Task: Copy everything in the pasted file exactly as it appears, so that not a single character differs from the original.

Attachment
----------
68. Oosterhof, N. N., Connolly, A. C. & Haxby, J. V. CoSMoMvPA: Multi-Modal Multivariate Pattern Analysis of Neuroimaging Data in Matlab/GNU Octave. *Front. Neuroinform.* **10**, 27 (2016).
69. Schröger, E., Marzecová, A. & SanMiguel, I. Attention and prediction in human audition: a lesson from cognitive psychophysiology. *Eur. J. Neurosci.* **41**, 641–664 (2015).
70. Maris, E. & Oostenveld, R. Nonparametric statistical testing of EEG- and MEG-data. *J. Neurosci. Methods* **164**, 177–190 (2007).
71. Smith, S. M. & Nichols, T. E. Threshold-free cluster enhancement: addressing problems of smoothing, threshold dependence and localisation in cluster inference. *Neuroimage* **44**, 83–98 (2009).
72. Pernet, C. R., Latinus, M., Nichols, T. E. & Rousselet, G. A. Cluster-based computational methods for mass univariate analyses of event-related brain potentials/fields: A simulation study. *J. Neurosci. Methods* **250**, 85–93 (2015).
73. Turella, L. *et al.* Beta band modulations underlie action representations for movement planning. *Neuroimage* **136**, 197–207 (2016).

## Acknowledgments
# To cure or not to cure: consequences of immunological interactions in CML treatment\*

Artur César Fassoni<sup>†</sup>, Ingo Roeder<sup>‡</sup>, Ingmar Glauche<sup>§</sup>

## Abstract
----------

68. Oosterhof, N. N., Connolly, A. C. & Haxby, J. V. CoSMoMvPA: Multi-Modal Multivariate Pattern Analysis of Neuroimaging Data in Matlab/GNU Octave. *Front. Neuroinform.* **10**, 27 (2016).
69. Schröger, E., Marzecová, A. & SanMiguel, I. Attention and prediction in human audition: a lesson from cognitive psychophysiology. *Eur. J. Neurosci.* **41**, 641–664 (2015).
70. Maris, E. & Oostenveld, R. Nonparametric statistical testing of EEG- and MEG-data. *J. Neurosci. Methods* **164**, 177–190 (2007).
71. Smith, S. M. & Nichols, T. E. Threshold-free cluster enhancement: addressing problems of smoothing, threshold dependence and localisation in cluster inference. *Neuroimage* **44**, 83–98 (2009).
72. Pernet, C. R., Latinus, M., Nichols, T. E. & Rousselet, G. A. Cluster-based computational methods for mass univariate analyses of event-related brain potentials/fields: A simulation study. *J. Neurosci. Methods* **250**, 85–93 (2015).
73. Turella, L. *et al.* Beta band modulations underlie action representations for movement planning. *Neuroimage* **136**, 197–207 (2016).

## Acknowledgments
# To cure or not to cure: consequences of immunological interactions in CML treatment\*

Artur César Fassoni<sup>†</sup>, Ingo Roeder<sup>‡</sup>, Ingmar Glauche<sup>§</sup>

## Abstract